Animal Overpass Nears Completion in Colorado
One of the most dangerous stretches of highway in Colorado is getting some help, thanks to a multimillion-dollar project to create wildlife crossings over and under Highway 9 in Summit and Grand counties, as Matt Kroschel writes for CBSDenver4. In an earlier article, he reported that this is a first of its kind in the state.
Workers will soon cover a concrete and metal crossing over Highway 9 in dirt, Kroschel writes, to make it animal-friendly. This overpass is expected to be completed by November, he writes. It is one of several being built over or under the dangerous 11-mile section of Highway 9 that runs from Kremlin to Silverthorne, Kroschel wrote in the earlier article.
Although the highway runs through many other counties, the narrow stretch of highway between mile marker (MM) 126 and 137, near the Green Mountain Dam Road and Colorado River Crossing, has been the site of numerous wildlife-vehicle collisions.
That section, which is narrow, bisects feeding and watering habitat frequently used by wildlife, CDOT writes. Nearly 500 animals were killed in the last decade and 16 people were killed in the last 20 years as a result of animals such as mule deer and elk trying to cross the road on that stretch of Highway 9, Kroschel writes. He quotes Michelle Cowardin of Colorado Parks & Wildlife as saying: “The entire stretch is a hotspot for roadkills.”
This project, which began in April, includes the following safety improvements: implementing wildlife mitigation features, such as fencing, underpasses, and overpasses to give wildlife a way to safely cross the highway, CDOT writes. The project also will add eight-foot shoulders to the road; improve roadway alignment to bring it in line with current design standards, straightening severe roadway curves and flattening steep hills to improve drivers’ sight distance; and make access and intersection improvements, CDOT writes.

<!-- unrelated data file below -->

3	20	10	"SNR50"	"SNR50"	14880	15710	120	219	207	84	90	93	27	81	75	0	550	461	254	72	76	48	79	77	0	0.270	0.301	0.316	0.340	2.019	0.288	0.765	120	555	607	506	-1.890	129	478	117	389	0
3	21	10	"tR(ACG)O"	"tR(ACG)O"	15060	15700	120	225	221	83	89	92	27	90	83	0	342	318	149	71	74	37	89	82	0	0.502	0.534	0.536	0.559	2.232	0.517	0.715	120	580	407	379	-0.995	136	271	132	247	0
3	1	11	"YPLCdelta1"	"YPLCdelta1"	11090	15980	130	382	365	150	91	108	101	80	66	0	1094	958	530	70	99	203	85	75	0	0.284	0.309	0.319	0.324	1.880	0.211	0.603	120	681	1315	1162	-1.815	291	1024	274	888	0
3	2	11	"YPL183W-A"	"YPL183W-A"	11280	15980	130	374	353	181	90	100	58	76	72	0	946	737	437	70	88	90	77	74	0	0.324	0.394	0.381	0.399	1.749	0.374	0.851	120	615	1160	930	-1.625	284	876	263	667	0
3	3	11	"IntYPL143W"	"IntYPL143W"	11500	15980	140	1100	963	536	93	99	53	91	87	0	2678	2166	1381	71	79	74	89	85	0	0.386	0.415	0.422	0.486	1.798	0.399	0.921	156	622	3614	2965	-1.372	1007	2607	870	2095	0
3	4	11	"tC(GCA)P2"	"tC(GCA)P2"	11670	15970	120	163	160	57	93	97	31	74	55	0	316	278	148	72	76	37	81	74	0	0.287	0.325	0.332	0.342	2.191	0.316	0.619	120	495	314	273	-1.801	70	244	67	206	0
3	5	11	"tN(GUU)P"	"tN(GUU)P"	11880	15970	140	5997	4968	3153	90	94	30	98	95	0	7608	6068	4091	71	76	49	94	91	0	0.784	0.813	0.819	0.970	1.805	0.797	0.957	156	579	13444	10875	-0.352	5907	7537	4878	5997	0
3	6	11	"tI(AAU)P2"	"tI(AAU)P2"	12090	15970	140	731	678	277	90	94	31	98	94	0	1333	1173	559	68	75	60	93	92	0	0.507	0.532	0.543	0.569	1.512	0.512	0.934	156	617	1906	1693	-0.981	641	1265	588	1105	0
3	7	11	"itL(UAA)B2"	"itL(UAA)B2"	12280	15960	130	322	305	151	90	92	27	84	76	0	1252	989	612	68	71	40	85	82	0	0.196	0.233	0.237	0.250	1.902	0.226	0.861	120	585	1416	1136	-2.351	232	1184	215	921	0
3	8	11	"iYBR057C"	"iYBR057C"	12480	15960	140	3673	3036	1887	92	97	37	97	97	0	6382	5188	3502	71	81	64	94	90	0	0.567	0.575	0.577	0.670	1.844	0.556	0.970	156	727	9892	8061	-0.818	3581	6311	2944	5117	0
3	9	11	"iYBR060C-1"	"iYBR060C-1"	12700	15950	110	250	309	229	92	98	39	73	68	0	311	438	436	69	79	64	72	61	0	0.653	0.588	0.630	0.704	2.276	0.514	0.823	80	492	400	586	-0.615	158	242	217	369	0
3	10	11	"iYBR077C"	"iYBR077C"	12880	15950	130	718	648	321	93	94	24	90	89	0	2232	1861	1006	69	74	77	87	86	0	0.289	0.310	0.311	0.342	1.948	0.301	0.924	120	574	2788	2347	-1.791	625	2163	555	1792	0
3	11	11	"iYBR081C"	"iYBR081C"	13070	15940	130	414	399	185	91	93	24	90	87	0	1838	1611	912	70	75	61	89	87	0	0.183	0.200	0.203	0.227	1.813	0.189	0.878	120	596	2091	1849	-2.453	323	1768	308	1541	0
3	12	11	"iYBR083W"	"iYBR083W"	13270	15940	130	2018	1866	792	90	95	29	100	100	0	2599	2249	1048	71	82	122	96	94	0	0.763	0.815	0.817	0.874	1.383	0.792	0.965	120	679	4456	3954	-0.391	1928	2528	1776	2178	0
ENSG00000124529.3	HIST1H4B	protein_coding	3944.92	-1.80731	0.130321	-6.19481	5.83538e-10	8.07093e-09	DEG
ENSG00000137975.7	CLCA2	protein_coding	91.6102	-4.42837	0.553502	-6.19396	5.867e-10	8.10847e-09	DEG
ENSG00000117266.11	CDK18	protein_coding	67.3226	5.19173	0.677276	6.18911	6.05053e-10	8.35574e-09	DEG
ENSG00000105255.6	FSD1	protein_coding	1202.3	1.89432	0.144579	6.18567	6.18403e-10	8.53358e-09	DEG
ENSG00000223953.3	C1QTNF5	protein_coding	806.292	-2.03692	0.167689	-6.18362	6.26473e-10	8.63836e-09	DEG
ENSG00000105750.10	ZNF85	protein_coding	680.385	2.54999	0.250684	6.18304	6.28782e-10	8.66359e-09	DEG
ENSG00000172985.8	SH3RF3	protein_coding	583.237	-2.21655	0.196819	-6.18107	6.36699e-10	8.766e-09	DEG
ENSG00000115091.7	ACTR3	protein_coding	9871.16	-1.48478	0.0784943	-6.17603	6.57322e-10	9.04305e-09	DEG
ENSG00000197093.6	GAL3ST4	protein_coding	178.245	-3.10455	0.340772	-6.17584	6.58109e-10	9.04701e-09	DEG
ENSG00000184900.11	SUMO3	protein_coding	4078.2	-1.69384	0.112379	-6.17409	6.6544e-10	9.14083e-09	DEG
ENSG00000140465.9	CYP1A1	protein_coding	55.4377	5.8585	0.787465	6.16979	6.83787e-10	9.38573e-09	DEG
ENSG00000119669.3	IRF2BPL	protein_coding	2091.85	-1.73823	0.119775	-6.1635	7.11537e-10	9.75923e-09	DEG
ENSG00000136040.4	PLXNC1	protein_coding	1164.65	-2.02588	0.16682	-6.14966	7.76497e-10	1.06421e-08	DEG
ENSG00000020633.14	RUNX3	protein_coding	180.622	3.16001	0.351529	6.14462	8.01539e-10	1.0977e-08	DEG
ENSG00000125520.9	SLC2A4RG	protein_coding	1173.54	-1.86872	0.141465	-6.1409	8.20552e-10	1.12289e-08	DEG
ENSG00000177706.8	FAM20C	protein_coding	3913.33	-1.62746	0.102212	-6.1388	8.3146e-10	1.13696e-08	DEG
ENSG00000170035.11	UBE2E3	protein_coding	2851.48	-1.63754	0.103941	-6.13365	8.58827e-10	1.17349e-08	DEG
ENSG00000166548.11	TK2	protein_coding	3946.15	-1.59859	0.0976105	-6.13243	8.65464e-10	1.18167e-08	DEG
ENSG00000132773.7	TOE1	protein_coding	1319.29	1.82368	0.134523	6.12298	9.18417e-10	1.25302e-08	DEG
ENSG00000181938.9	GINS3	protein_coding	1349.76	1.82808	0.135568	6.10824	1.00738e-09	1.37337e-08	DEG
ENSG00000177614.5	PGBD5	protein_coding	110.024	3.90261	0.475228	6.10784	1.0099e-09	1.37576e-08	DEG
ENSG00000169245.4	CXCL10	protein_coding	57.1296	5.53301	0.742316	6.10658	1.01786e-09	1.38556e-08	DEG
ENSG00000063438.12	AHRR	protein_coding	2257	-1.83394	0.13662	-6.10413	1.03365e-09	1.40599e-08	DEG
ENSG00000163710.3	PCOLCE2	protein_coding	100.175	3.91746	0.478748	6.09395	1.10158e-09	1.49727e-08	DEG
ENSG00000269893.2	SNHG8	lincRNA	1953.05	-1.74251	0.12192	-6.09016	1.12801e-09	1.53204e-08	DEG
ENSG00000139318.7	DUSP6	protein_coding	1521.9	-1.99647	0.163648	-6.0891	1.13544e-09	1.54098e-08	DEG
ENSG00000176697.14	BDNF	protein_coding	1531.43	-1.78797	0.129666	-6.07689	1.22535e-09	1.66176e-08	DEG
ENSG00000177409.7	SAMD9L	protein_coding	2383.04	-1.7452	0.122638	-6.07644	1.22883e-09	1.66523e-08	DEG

Four wildlife crossings will be completed by November, and another three will be completed by November of next year, CDOT writes. The whole$39.2 million project is expected to be completed by July 2017. Kirkland Construction is the contractor, CDOT writes.
The project came about as a result of a partnership between CDOT, Grand County, Colorado Parks and Wildlife, and the Blue Valley Ranch, CDOT writes. It was chosen for RAMP funding. RAMP is an acronym for Responsible Acceleration of Maintenance and Partnerships. CDOT created RAMP to fast-track important road improvements. To qualify to be considered for RAMP, local governments must raise 20% of a project’s cost, CDOT writes in a press release.
CDOT’s Wildlife on the Move page offers the following advice to drivers:
‘As Colorado has an abundance of deer and elk, as well as other wildlife, that live near our urban and rural areas, motorists need to be aware that they can cross our roads without warning at most any time of day or night,’ said Colorado State Patrol Chief Colonel James Wolfinbarger. ‘Slow down and stay alert when you see a highway wildlife warning sign especially between dusk and dawn. If you see one deer or elk, expect others. Remember to scan ahead on the sides of the road for signs of movement and to watch for the shining eyes of animals that reflect car headlights at night. Most importantly, slow down and concentrate on retaining control of your vehicle. It is important to maintain control before, during and after a collision with an animal should one occur.’